About TVR  |  Ads and Offers  |  Contributors' Guidelines  |  Site Index  |  Advertising in TVR  |  Syndication Rights


The Vocabula Review

A society is generally as lax as its language.



Even today — subjected as we are to the apotheosis of popular culture — using the English language respectfully helps us maintain a sense of ourselves and our values. To do otherwise, to disregard the ways of our words, is to forsake our humanity and, perhaps, even forfeit our future. A society is generally as lax as its language. And in a society of this sort, easiness and mediocrity are much esteemed.



The Vocabula Review is published on the third Tuesday of each month. Although there are no subscription fees to The Vocabula Review, voluntary contributions would be gratefully accepted and used to support the continuation of this journal (generosity).

New! Ads and Offers — The new Vocabula Review classified ads section — Place an ad for two months for only $25.

Click here to read the journal archives:

May 2000, Vol. 2, No. 5 Robert Hartwell Fiske, Editor, editor@vocabula.com

The Perfectibility of Words Robert Hartwell Fiske
Words are flawed, but they can easily be fixed. Words exist to be thought and then formed, to be written and then revised, and even to be said and then denied. They can be misused and neglected or cared for and corrected. More ...
Grumbling About Grammar

Although few people can complain of another's grammatical mistakes with impunity, that is, without revealing their own, I am hopeful that "Grumbling About Grammar" will encourage us all to pay more heed to how the language is used — by ourselves as well as by others — while bettering our ability to speak and write it. The grammatical errors that I have assembled here come from publications like The New York Times, Wired, TV Guide, and Martha Stewart Living. Others come from websites like Salon.com and Winmag.com. And still others from TV newscasters, politicians, and businesspeople. These are the people we so often read and listen to — whether or not we care to. Woefully, it is not Edith Wharton or Henry James from whom we learn to speak and write the language; rather, it is these sometime purveyors of confused, misused, and abused language.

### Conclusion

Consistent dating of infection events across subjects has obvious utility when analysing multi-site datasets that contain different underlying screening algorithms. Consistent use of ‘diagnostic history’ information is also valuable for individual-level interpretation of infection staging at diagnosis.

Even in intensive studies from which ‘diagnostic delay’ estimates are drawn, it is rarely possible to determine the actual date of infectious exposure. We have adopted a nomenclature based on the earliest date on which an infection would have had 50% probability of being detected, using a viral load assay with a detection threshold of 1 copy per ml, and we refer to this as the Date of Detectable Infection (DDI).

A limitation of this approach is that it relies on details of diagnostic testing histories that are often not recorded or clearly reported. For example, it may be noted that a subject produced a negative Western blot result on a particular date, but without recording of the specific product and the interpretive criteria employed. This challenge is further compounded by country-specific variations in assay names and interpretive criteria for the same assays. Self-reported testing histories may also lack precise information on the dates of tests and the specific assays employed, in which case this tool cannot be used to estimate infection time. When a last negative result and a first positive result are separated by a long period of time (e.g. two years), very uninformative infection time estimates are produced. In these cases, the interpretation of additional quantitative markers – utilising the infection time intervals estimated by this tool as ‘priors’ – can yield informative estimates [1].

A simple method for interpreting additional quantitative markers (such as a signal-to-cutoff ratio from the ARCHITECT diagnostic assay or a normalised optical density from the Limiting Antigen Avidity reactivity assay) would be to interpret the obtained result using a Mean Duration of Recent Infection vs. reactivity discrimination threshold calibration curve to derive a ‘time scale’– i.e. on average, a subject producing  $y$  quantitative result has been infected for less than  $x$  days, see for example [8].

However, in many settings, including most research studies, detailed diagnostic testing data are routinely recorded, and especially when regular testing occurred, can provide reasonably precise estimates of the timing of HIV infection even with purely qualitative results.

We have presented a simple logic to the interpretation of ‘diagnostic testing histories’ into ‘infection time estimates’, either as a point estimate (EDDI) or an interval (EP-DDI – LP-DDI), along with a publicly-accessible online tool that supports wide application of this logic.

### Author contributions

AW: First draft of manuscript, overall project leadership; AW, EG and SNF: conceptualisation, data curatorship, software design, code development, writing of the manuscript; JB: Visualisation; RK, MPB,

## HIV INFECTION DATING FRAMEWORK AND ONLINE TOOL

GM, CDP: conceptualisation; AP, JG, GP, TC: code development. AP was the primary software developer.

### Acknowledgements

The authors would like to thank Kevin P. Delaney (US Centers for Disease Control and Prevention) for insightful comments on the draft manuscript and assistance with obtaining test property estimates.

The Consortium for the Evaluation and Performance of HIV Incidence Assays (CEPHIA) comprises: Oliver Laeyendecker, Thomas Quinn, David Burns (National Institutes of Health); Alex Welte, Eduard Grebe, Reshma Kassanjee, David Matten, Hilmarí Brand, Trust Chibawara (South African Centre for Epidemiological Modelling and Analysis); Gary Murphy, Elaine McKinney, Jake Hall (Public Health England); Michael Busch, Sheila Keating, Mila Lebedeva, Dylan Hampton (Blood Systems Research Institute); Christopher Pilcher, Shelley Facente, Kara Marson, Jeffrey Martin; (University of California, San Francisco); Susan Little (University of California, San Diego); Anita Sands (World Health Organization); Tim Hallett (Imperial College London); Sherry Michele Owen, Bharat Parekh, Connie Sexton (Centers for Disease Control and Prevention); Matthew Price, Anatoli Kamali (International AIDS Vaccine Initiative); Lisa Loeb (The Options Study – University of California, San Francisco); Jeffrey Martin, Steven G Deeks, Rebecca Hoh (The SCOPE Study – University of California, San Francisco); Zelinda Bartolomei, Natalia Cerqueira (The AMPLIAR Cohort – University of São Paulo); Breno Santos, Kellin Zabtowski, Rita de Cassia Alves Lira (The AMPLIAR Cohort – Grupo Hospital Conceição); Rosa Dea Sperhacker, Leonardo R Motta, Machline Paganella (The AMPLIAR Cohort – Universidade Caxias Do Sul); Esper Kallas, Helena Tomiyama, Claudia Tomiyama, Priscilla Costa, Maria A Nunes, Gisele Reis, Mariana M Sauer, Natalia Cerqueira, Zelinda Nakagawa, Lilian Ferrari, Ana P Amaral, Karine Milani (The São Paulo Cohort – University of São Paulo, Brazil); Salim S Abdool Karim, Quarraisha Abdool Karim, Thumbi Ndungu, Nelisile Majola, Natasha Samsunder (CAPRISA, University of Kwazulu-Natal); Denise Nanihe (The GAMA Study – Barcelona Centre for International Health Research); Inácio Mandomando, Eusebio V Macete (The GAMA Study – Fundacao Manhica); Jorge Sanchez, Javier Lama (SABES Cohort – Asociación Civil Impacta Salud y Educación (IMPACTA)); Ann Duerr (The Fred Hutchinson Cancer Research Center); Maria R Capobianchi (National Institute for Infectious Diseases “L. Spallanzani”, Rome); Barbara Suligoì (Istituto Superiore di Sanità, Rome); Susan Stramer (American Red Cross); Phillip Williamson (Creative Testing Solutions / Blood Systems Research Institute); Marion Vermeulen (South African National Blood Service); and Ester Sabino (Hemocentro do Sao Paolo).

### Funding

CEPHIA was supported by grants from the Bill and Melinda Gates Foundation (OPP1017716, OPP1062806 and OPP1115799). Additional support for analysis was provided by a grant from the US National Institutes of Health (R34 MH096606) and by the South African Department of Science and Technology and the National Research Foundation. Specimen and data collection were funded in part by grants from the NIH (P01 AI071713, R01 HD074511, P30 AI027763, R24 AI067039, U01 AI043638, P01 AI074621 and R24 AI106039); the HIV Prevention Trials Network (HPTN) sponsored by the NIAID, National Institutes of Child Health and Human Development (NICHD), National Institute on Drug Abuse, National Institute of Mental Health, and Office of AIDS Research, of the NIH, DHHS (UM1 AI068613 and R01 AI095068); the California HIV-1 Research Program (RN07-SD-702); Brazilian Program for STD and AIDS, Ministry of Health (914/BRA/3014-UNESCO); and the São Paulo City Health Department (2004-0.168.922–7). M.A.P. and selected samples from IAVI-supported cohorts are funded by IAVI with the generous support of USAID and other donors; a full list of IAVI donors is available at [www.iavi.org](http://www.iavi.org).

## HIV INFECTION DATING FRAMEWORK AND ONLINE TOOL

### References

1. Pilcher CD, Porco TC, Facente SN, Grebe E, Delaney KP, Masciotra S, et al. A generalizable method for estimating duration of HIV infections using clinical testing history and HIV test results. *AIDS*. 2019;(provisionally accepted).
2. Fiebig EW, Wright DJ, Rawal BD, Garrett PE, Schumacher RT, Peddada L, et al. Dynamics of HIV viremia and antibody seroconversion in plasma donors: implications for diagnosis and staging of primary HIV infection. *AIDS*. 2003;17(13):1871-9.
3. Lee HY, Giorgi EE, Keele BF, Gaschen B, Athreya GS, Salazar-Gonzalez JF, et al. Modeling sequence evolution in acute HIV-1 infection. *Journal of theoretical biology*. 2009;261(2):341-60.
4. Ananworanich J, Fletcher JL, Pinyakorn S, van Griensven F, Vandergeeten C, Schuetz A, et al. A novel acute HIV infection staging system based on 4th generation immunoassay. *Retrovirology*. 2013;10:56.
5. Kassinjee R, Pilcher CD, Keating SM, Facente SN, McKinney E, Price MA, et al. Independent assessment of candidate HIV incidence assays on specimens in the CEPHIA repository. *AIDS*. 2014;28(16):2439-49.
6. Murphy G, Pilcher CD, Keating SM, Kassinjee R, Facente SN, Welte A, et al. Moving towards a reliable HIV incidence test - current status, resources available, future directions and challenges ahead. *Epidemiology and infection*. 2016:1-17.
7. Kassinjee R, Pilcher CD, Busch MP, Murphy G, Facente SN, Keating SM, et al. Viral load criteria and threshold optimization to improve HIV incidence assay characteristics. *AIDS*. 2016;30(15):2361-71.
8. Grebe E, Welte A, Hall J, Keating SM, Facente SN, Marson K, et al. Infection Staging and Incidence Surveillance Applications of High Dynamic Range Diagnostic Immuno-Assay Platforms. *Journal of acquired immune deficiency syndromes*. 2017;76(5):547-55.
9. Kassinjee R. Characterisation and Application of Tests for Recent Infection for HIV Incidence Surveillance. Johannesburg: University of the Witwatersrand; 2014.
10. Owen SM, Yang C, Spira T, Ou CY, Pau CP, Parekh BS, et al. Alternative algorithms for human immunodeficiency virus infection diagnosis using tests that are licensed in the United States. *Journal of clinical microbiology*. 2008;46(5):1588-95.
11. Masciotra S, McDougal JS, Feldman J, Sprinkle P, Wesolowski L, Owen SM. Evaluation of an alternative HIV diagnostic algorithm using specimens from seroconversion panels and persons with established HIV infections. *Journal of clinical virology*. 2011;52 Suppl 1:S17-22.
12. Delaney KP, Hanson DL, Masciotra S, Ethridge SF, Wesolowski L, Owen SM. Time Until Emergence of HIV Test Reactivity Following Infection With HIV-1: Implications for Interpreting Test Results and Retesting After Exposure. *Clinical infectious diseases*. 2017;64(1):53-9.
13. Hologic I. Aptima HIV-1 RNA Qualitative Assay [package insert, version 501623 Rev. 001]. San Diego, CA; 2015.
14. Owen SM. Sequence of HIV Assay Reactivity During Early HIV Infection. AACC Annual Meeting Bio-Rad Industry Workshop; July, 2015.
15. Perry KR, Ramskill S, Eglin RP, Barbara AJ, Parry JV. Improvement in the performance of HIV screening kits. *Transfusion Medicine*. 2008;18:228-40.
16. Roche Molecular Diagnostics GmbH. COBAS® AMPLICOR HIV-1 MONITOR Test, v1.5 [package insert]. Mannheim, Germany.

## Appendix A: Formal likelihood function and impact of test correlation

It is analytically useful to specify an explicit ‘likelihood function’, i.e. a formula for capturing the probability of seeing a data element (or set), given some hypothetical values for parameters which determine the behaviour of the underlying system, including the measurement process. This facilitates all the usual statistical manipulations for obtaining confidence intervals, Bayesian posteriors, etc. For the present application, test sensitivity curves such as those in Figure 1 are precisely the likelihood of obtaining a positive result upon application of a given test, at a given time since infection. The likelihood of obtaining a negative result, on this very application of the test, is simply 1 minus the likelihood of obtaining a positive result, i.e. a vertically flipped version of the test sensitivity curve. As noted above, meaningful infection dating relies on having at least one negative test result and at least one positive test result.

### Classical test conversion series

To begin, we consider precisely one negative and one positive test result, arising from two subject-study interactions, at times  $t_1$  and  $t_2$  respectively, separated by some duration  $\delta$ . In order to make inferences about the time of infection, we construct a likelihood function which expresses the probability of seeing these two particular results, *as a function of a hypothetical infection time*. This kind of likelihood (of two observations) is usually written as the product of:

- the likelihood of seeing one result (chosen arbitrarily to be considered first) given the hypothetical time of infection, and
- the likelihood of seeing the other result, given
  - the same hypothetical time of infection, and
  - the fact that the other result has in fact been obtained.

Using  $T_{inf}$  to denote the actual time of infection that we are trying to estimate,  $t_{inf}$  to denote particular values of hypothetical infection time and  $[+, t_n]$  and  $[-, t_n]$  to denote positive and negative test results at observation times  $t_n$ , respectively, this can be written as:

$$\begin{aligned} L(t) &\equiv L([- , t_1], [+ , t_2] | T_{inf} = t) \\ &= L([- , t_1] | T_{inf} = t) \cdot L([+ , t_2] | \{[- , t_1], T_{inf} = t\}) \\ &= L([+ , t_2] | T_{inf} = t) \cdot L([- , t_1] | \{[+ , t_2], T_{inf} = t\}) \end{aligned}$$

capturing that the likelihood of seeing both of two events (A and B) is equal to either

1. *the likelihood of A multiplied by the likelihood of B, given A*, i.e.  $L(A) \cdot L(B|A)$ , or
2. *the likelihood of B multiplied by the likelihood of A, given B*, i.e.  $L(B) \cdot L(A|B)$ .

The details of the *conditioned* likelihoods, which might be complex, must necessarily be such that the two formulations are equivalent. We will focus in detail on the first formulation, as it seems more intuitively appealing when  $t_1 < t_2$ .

aggravate Misused for annoy (or similar words). • The first set of people I aggravated Tuesday were those of you who get angry when I don't stick to financial topics. USE irritated. [Andrew Tobias: Demystifying Finances: http://www.andrewtobias.com] • Of course, it's a fear that his kid sister, the irrepressibly aggravating D.W., is only too happy to bolster. USE exasperating. [The Boston Globe.] • Skunks stink up campus and aggravate students. USE upset. [The Wesleyan Argus: http://www.wesleyan.edu/argus] • Other things have been pre-set at the factory in odd ways that puzzle, frustrate, and aggravate the owner. USE annoy. [The Blade: http://www.toledoblade.com]

We have quite enough words that mean annoy: anger, exasperate, infuriate, irk, irritate, madden, miff, peeve, upset. We do not need another; we do not need aggravate to mean annoy. We need it only in its sense of make worse. More ...

The Grumbling About Grammar Awards (GAGAs)

1. In the meantime, me and my friends and my conservative colleagues will continue to use legal organizations to advocate that point of view. — Tom DeLay, Majority Whip U.S. House of Representatives

Without a prepared speech to read from, Congressman DeLay speaks like any other ignoramus. More ...

Elegant English

We all know far too well how to write everyday English, but few of us know how to write elegant English — English that is expressed with music as well as meaning, style as well as substance. The point of this feature is not to suggest that people should try to emulate these examples of elegant English but to show that the language can be written with grace and polish — qualities that much contemporary writing is bereft of and could benefit from.

1. All winter the land and I lay waiting. [E. B. White, Getting Ready for a Cow] More ...

On Dimwitticisms